Turning Green Degrees Into Sustainable Careers

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Table of Contents: Green Degrees into Sustainable Careers
1. Why go Green?
2. Most Popular Green Degrees
3. Green Degree to Career Map
4. The Business of Begin Green
5. Top Paying Green Careers
6. Expert Interview: With Nurit Katz
7. Green Job Resources

Environmentally Degrees and Careers

According to the U.S. Bureau of Labor Statistics, many businesses and organizations today are implementing sustainability measures for a number of reasons, including making a positive impact on their communities, as well as improving profits and reputations, and retaining employees. As a result, there is growing opportunity for students to pursue a college degree in fields such as environmental protection, renewable energy, waste reduction, green architecture, and other sustainability-related disciplines. Find out what green degree options are available and the types careers graduates can pursue in the world of sustainability.

Why Go Green? Choosing an Environmentally Friendly Major

The popularity of college degrees in green majors is large and growing, and for good reason. The demand for sustainability professionals is growing, too. That means more high-paying, long-term “green-collar” jobs are being created daily. Demand breeds variety. Due to the greater demand for green-collar workers, colleges and universities are stepping up and offering a wider variety of green majors and specializations at every degree level.

This wealth of options has created a whole new problem for prospective students: how to choose the right environmentally friendly major. However, once the choice is made and the student has established a solid footing on his or her education path, current projections indicate they will be able to find careers in their field.

Reason to Go Green

    The benefits of a green education and green careers to individuals specifically and the world in general are numerous. Here’s a look at some of the biggest:

  • Climate Change is Real

    The evidence is compelling. Climate change is real. In fact, among peer-reviewed scientific literature, 97.1 percent endorsed the consensus position that humans are causing global warming. According to NASA, some undeniable evidence of rapid climate change include:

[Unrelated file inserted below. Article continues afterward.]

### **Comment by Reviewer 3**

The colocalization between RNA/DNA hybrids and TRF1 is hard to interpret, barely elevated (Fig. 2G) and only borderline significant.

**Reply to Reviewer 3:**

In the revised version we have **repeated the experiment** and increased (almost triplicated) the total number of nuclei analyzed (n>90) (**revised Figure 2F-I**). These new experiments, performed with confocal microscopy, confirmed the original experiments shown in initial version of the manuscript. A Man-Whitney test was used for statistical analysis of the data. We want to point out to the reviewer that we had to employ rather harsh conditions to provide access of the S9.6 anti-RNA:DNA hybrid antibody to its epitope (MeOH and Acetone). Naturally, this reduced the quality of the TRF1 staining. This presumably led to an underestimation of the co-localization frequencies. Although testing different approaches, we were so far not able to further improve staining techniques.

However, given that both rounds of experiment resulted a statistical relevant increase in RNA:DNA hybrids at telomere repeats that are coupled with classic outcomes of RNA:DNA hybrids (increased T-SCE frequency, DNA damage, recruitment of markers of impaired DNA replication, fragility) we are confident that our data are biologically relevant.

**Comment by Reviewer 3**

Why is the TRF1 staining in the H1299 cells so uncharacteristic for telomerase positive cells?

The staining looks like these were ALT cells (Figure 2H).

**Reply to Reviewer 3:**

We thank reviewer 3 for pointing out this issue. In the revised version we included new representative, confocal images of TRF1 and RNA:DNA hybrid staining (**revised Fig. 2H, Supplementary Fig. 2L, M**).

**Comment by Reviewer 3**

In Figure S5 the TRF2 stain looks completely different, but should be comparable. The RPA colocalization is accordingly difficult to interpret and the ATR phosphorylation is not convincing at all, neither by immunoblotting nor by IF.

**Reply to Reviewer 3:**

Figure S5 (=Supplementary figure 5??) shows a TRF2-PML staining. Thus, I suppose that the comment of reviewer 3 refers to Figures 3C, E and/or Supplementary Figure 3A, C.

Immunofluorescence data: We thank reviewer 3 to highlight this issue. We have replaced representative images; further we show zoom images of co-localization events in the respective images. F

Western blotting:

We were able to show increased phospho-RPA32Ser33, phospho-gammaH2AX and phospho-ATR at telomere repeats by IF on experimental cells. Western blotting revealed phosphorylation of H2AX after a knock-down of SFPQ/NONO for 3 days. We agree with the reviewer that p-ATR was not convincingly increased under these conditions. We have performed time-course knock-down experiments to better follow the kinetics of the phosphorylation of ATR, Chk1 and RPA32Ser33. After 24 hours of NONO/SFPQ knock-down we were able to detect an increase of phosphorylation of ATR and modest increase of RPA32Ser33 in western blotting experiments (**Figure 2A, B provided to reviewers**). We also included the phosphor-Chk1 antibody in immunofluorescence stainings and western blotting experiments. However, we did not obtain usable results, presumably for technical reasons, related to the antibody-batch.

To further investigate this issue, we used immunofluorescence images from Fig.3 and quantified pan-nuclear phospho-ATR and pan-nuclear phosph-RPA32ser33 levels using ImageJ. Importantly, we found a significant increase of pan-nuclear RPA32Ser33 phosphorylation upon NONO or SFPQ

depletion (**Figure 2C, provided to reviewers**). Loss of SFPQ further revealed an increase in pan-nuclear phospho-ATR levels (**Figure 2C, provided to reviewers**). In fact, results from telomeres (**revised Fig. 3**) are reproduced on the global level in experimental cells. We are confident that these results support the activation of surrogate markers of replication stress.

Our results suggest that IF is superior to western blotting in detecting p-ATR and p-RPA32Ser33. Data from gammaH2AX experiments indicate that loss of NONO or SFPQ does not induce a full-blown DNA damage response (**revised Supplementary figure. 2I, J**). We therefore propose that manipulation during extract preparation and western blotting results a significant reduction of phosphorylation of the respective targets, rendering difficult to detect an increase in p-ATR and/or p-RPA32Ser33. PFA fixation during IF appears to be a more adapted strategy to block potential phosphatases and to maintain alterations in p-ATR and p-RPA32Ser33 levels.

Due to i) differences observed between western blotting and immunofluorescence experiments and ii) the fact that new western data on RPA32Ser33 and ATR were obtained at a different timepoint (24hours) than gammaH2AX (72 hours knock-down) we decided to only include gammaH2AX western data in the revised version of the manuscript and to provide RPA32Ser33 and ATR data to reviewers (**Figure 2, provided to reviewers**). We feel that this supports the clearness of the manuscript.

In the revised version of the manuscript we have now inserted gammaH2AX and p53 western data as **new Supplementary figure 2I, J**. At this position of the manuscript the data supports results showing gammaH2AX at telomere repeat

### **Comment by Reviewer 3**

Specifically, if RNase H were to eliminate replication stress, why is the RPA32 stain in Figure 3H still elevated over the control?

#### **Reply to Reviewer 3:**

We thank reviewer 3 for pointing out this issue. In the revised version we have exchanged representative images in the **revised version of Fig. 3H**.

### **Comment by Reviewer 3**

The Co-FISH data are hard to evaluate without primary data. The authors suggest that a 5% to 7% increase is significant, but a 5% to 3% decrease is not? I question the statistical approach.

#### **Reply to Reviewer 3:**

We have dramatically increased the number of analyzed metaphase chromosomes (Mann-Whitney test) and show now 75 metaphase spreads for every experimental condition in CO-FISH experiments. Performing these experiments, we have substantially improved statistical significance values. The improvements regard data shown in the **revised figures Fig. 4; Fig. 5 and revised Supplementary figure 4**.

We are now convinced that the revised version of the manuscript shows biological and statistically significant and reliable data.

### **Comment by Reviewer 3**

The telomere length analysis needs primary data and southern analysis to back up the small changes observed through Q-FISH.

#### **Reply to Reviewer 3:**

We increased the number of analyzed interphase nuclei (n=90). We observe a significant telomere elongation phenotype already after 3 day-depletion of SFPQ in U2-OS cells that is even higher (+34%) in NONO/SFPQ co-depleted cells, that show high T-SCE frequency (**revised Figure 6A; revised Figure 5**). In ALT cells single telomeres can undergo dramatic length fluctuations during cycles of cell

• Rising sea level
    • Rising global temperature
    • Warming oceans (the top 2,300 feet of ocean has increased 0.302 degrees Fahrenheit since 1969)
    • Decreasing ice sheets, particularly in Greenland and Antarctica
    • Rapid declining of Arctic sea ice
    • Glacial retreat almost across the world, including in the Alps, Himalayas, Andes, Rockies, Alaska, and Africa
    • An increase in the number of record high temperature events in the US, as well as a decrease in the number of record low temperature events and increase in significant rainfall events
    • Ocean acidification
    • Decrease in spring snow cover in the Northern Hemisphere, which suggests that snow is melting earlier than previous years

  • Energy

    The bad news is that nonrenewable energy sources are bad for the environment and will eventually run out. The good news is that 95 percent of global energy needs can be met by renewable sources by 2050.

  • Human Health

    Anyone looking for a good reason to consider a green career should look no further than their own health and that of their children: According to the World Health Organization, “Green technologies that protect or enhance worker health will achieve sustainability not only at the community level but down to the level of families.”

  • National Defense

    Students interested in defending their country may want to consider a green college degree program. According to the White House, “Climate change is an urgent and growing threat to U.S. national security.”

  • Reducing Poverty

    Although global poverty has declined remarkably over the last few decades, it remains a significant problem. Green growth is a requirement for sustainable poverty reduction and shared prosperity.

  • Water

    Enough water exists on the planet to meet the world’s expanding needs, but only if there is a dramatic change in the way it is used, managed and shared.

  • Women